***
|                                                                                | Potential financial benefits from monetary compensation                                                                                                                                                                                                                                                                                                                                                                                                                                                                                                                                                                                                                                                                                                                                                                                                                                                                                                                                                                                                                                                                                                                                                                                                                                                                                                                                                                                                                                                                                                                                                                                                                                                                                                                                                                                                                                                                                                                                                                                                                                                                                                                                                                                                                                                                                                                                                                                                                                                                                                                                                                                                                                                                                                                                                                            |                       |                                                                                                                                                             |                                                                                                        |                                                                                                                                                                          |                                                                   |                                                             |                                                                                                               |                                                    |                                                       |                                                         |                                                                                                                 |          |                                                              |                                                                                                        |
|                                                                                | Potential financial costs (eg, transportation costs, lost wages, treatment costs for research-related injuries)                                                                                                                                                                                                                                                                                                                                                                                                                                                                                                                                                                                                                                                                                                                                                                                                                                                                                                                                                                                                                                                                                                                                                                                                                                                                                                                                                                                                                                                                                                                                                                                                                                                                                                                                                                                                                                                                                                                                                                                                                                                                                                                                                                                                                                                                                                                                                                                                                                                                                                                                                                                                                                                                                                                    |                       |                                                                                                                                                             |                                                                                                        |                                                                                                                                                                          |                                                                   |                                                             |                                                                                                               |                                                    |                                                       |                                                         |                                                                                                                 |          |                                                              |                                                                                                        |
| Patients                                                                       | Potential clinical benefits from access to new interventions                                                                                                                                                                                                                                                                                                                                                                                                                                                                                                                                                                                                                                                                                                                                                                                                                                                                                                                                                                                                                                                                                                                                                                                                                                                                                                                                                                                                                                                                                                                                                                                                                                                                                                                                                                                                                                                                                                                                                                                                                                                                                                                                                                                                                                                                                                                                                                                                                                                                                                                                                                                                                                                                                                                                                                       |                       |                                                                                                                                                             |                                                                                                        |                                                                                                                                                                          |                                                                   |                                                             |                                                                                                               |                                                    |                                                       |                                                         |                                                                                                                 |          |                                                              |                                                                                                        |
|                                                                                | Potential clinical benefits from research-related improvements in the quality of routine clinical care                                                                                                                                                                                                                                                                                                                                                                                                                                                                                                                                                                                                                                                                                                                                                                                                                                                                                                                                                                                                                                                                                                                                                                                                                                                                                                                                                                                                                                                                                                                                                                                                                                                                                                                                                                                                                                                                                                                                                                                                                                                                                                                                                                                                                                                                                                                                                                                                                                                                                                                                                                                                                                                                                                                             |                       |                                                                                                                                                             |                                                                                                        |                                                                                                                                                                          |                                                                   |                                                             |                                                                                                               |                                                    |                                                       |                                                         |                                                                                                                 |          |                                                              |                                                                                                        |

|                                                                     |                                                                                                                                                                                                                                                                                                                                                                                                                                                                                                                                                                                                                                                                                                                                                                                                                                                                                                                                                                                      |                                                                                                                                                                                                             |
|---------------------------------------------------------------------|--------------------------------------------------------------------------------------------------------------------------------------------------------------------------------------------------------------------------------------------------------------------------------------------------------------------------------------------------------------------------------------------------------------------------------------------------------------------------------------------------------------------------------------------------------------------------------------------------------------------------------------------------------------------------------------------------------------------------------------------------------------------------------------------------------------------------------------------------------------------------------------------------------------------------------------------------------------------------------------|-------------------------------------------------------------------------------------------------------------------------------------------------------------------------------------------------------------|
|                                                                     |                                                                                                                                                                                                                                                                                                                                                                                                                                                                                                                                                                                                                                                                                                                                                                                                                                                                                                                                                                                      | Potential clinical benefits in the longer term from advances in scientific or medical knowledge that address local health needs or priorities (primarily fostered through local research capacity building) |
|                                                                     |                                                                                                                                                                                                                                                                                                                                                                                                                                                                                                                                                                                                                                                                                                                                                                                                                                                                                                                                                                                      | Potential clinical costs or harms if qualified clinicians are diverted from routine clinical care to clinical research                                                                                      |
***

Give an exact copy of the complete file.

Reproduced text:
|                                                                                | Potential financial benefits from monetary compensation                                                                                                                                                                                                                                                                                                                                                                                                                                                                                                                                                                                                                                                                                                                                                                                                                                                                                                                                                                                                                                                                                                                                                                                                                                                                                                                                                                                                                                                                                                                                                                                                                                                                                                                                                                                                                                                                                                                                                                                                                                                                                                                                                                                                                                                                                                                                                                                                                                                                                                                                                                                                                                                                                                                                                                            |                       |                                                                                                                                                             |                                                                                                        |                                                                                                                                                                          |                                                                   |                                                             |                                                                                                               |                                                    |                                                       |                                                         |                                                                                                                 |          |                                                              |                                                                                                        |
|                                                                                | Potential financial costs (eg, transportation costs, lost wages, treatment costs for research-related injuries)                                                                                                                                                                                                                                                                                                                                                                                                                                                                                                                                                                                                                                                                                                                                                                                                                                                                                                                                                                                                                                                                                                                                                                                                                                                                                                                                                                                                                                                                                                                                                                                                                                                                                                                                                                                                                                                                                                                                                                                                                                                                                                                                                                                                                                                                                                                                                                                                                                                                                                                                                                                                                                                                                                                    |                       |                                                                                                                                                             |                                                                                                        |                                                                                                                                                                          |                                                                   |                                                             |                                                                                                               |                                                    |                                                       |                                                         |                                                                                                                 |          |                                                              |                                                                                                        |
| Patients                                                                       | Potential clinical benefits from access to new interventions                                                                                                                                                                                                                                                                                                                                                                                                                                                                                                                                                                                                                                                                                                                                                                                                                                                                                                                                                                                                                                                                                                                                                                                                                                                                                                                                                                                                                                                                                                                                                                                                                                                                                                                                                                                                                                                                                                                                                                                                                                                                                                                                                                                                                                                                                                                                                                                                                                                                                                                                                                                                                                                                                                                                                                       |                       |                                                                                                                                                             |                                                                                                        |                                                                                                                                                                          |                                                                   |                                                             |                                                                                                               |                                                    |                                                       |                                                         |                                                                                                                 |          |                                                              |                                                                                                        |
|                                                                                | Potential clinical benefits from research-related improvements in the quality of routine clinical care                                                                                                                                                                                                                                                                                                                                                                                                                                                                                                                                                                                                                                                                                                                                                                                                                                                                                                                                                                                                                                                                                                                                                                                                                                                                                                                                                                                                                                                                                                                                                                                                                                                                                                                                                                                                                                                                                                                                                                                                                                                                                                                                                                                                                                                                                                                                                                                                                                                                                                                                                                                                                                                                                                                             |                       |                                                                                                                                                             |                                                                                                        |                                                                                                                                                                          |                                                                   |                                                             |                                                                                                               |                                                    |                                                       |                                                         |                                                                                                                 |          |                                                              |                                                                                                        |

|                                                                     |                                                                                                                                                                                                                                                                                                                                                                                                                                                                                                                                                                                                                                                                                                                                                                                                                                                                                                                                                                                      |                                                                                                                                                                                                             |
|---------------------------------------------------------------------|--------------------------------------------------------------------------------------------------------------------------------------------------------------------------------------------------------------------------------------------------------------------------------------------------------------------------------------------------------------------------------------------------------------------------------------------------------------------------------------------------------------------------------------------------------------------------------------------------------------------------------------------------------------------------------------------------------------------------------------------------------------------------------------------------------------------------------------------------------------------------------------------------------------------------------------------------------------------------------------|-------------------------------------------------------------------------------------------------------------------------------------------------------------------------------------------------------------|
|                                                                     |                                                                                                                                                                                                                                                                                                                                                                                                                                                                                                                                                                                                                                                                                                                                                                                                                                                                                                                                                                                      | Potential clinical benefits in the longer term from advances in scientific or medical knowledge that address local health needs or priorities (primarily fostered through local research capacity building) |
|                                                                     |                                                                                                                                                                                                                                                                                                                                                                                                                                                                                                                                                                                                                                                                                                                                                                                                                                                                                                                                                                                      | Potential clinical costs or harms if qualified clinicians are diverted from routine clinical care to clinical research                                                                                      |